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Dental therapist proposal remains controversial

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Toothbrush and toothpaste

In what it says is an effort to increase access to dental care across Arizona, a coalition of nine groups today plans to submit a petition to authorize a new type of dental care provider in the state.

The mid-level position, called a dental therapist, would work under a dentist in a capacity similar to a physician’s assistant, said John Grant, director of The Pew Charitable Trust's dental campaign, which is a member of the coalition. Training for the therapists would cover a narrower range of topics than dental school and they would perform a more limited scope of procedures such as oral examinations, fillings, extractions and crowns, Grant said.

Advocates of the concept point to the statistic that 2.4 million of Arizona’s 7 million residents live in federally designated dental health professional shortage areas where there are one or fewer dentists per 5,000 people. They say a dental therapist model will increase the number of providers in the state, bring dental care to more rural or underserved parts of the state and improve care overall.

The Arizona Rural Health Coalition and the Navajo Nation are other members of the coalition, called Dental Care for Arizona. Rep. Bob Thorpe, R-Flagstaff, has also signed on as a supporter. In an op-ed, Thorpe called dental therapists a “smart, proven solution” that has already been implemented in other states.

“This model has allowed dentists in these states to successfully practice in remote, rural parts of the state, thus expanding access where needed,” the representative wrote.

But the concept has met strong opposition from both the Arizona Dental Association and the American Dental Association.

Creating a dental therapist occupation won’t solve the biggest barriers to dental care access, including cost of care, Medicaid coverage and rural availability, said Kevin Earle, executive director with the Arizona Dental Association.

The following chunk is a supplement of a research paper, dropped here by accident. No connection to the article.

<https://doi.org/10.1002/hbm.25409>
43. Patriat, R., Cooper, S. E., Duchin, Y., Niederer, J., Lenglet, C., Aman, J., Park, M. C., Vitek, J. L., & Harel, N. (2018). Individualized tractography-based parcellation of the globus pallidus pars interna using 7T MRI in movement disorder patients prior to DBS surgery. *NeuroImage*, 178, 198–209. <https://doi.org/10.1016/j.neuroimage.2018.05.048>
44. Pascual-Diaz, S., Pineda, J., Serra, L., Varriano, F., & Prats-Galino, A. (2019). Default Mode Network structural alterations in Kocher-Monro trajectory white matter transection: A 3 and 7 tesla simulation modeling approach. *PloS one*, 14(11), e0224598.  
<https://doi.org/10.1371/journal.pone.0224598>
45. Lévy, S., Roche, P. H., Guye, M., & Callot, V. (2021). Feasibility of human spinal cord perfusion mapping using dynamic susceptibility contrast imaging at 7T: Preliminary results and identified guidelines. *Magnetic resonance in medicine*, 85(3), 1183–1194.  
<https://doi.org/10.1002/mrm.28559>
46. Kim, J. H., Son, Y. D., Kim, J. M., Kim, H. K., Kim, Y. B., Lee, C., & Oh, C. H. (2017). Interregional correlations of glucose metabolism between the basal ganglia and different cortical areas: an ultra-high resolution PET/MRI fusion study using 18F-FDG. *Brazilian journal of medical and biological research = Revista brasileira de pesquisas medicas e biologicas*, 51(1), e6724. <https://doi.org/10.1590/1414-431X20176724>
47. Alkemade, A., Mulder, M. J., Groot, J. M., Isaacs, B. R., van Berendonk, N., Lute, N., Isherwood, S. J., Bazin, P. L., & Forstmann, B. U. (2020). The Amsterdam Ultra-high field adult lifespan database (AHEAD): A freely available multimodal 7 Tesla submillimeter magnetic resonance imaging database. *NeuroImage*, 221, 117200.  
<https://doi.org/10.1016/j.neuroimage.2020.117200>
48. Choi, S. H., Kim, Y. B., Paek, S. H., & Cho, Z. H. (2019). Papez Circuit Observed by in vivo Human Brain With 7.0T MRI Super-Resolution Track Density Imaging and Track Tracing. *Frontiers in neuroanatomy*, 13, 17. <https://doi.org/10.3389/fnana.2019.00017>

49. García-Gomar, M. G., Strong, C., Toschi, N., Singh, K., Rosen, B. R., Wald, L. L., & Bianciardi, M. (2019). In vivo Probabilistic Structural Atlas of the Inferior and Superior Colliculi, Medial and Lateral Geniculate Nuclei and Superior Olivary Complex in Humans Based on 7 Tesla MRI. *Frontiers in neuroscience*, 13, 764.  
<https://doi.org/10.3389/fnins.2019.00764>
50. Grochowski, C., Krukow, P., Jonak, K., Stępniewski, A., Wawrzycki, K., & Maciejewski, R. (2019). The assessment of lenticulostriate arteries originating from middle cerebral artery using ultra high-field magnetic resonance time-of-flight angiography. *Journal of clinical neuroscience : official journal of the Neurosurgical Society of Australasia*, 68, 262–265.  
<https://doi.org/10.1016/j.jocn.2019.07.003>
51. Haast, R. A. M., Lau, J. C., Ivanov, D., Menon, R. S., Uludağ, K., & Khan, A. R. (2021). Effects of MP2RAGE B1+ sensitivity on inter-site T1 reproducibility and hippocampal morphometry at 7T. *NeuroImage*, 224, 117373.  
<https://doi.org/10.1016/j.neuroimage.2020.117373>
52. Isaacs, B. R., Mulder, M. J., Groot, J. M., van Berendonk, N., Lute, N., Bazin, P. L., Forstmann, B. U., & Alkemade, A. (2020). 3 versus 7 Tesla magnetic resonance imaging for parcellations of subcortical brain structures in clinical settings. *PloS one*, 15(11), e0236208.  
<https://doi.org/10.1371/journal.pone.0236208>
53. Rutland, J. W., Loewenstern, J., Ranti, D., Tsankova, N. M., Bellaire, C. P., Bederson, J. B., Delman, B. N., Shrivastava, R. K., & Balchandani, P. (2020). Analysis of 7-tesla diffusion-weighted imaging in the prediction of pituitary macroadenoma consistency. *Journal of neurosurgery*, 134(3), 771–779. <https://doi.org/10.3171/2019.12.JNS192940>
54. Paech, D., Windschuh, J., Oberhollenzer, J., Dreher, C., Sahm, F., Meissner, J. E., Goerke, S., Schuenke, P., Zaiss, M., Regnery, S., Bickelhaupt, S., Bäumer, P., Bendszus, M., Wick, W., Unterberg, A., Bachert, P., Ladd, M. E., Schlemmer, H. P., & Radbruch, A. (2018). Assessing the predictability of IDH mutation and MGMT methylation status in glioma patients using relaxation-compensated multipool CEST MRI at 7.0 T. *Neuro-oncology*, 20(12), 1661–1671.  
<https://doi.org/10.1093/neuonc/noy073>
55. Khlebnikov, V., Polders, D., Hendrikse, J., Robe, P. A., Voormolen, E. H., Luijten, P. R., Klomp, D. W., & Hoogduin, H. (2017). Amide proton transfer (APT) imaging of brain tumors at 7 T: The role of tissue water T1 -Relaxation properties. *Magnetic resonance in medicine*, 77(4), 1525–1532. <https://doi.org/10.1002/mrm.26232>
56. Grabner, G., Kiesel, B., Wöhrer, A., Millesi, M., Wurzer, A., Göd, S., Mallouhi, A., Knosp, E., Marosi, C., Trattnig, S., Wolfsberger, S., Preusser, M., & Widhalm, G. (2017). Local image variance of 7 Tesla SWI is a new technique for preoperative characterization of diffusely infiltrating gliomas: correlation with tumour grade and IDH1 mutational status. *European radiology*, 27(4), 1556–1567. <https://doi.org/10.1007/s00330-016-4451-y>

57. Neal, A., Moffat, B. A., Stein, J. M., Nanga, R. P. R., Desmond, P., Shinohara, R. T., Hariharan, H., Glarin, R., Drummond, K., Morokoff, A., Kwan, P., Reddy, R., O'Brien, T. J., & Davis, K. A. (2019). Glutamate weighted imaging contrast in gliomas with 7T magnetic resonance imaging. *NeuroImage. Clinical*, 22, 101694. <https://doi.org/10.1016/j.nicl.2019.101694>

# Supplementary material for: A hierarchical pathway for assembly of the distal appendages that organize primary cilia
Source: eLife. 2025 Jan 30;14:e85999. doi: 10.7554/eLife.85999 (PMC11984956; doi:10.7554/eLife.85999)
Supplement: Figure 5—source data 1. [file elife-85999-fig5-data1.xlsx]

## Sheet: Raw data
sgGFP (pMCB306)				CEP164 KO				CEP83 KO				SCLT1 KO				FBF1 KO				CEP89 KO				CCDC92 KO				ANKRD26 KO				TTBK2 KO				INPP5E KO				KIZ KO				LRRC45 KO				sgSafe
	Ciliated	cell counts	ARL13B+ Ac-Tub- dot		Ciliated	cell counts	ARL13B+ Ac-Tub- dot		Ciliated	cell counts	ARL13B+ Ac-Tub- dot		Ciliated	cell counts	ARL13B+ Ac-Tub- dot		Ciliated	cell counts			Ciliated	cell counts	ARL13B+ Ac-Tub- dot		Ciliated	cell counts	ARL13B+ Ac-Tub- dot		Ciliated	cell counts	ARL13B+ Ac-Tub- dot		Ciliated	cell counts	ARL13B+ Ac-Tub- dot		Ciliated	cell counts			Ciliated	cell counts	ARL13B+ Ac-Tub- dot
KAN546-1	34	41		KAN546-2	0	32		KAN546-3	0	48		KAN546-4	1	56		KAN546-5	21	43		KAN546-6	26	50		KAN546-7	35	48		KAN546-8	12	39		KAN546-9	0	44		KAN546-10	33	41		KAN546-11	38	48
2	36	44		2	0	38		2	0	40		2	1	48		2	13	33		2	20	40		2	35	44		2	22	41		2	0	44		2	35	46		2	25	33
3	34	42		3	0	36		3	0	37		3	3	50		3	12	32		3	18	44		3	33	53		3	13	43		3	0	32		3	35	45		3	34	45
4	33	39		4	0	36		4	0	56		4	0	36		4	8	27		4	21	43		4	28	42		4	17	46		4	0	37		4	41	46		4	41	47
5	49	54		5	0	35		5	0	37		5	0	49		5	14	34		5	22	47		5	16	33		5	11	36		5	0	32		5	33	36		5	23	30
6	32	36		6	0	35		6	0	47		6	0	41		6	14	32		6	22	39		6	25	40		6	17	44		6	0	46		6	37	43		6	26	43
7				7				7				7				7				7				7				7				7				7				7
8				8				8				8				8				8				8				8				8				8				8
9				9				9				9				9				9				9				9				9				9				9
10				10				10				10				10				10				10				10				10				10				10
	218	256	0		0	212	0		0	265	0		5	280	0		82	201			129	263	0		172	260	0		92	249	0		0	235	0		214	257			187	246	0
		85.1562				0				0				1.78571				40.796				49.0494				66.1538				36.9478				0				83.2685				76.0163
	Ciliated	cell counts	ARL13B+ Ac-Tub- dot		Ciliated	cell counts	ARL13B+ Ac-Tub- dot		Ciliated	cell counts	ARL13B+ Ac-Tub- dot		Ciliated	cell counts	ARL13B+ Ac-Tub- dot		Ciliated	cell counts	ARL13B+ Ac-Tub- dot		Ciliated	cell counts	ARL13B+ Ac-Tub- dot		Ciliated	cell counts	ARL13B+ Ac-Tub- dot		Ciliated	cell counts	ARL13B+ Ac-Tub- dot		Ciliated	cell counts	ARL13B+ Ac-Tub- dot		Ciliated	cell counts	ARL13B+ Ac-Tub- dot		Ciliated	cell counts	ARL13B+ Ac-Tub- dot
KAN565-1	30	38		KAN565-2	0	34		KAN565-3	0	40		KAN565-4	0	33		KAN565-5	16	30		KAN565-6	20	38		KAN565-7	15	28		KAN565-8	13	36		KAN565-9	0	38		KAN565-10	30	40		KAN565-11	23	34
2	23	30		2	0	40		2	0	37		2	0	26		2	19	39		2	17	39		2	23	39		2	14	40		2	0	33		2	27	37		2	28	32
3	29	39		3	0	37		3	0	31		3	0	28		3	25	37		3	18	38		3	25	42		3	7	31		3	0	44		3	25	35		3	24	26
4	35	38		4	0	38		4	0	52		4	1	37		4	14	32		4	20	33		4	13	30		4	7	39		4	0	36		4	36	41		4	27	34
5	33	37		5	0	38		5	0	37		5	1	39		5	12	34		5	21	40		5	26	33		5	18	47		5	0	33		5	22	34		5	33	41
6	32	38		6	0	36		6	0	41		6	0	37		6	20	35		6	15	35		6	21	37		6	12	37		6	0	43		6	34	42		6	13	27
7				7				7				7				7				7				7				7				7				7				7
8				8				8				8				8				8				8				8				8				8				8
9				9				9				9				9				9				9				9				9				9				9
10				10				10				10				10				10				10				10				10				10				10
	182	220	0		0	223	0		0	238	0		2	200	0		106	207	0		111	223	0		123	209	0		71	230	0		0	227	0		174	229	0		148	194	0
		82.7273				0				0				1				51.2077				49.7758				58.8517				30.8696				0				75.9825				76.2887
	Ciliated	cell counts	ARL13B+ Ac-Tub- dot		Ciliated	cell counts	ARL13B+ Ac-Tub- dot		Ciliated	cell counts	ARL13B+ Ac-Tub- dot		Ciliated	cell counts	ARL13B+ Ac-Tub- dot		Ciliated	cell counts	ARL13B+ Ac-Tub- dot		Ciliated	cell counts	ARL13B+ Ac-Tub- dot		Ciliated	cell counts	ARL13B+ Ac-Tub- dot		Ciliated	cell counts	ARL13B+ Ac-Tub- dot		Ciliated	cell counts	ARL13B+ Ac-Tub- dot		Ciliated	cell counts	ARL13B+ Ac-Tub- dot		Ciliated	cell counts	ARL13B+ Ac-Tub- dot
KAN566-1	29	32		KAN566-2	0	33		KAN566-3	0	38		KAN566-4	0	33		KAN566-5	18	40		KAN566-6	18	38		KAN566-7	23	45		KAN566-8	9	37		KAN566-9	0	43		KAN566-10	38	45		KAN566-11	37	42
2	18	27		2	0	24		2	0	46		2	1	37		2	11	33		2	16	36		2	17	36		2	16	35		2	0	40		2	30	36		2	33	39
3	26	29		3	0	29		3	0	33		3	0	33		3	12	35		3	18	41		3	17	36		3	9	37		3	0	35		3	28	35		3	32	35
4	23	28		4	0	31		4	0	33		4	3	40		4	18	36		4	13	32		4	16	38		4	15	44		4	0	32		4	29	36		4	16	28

“We believe that it’s the wrong diagnosis and the wrong prescription,” Earle said.

He also raised concerns that dental therapists would be allowed to do oral procedures that come with a risk of complications, but wouldn’t necessarily need to be under the direct supervision of a licensed dentist. If something were to go wrong in that situation, it could be dangerous for the patient, he said.

“On the face, things can seem simple, but they can get complicated once you’re in there,” Earle said.

For its part, the American Dental Association published a statement saying: "There is no available data that demonstrate new models that replicate what dentists already do well have increased access to care at a lower cost."

This isn’t the first time such a debate has occurred in Arizona. Dental Care for Arizona proposed the legalization of licensed dental therapists last year as well but the application was voted down by a legislative review committee. That essentially prevented the proposal from moving on to a formal hearing during the legislative session.

Democratic Sen. David Bradley from Tucson told the Arizona Daily Star in April that proponents didn’t adequately address safety concerns and failed to show that access to care was a serious issue in Arizona and was tied to the number of providers.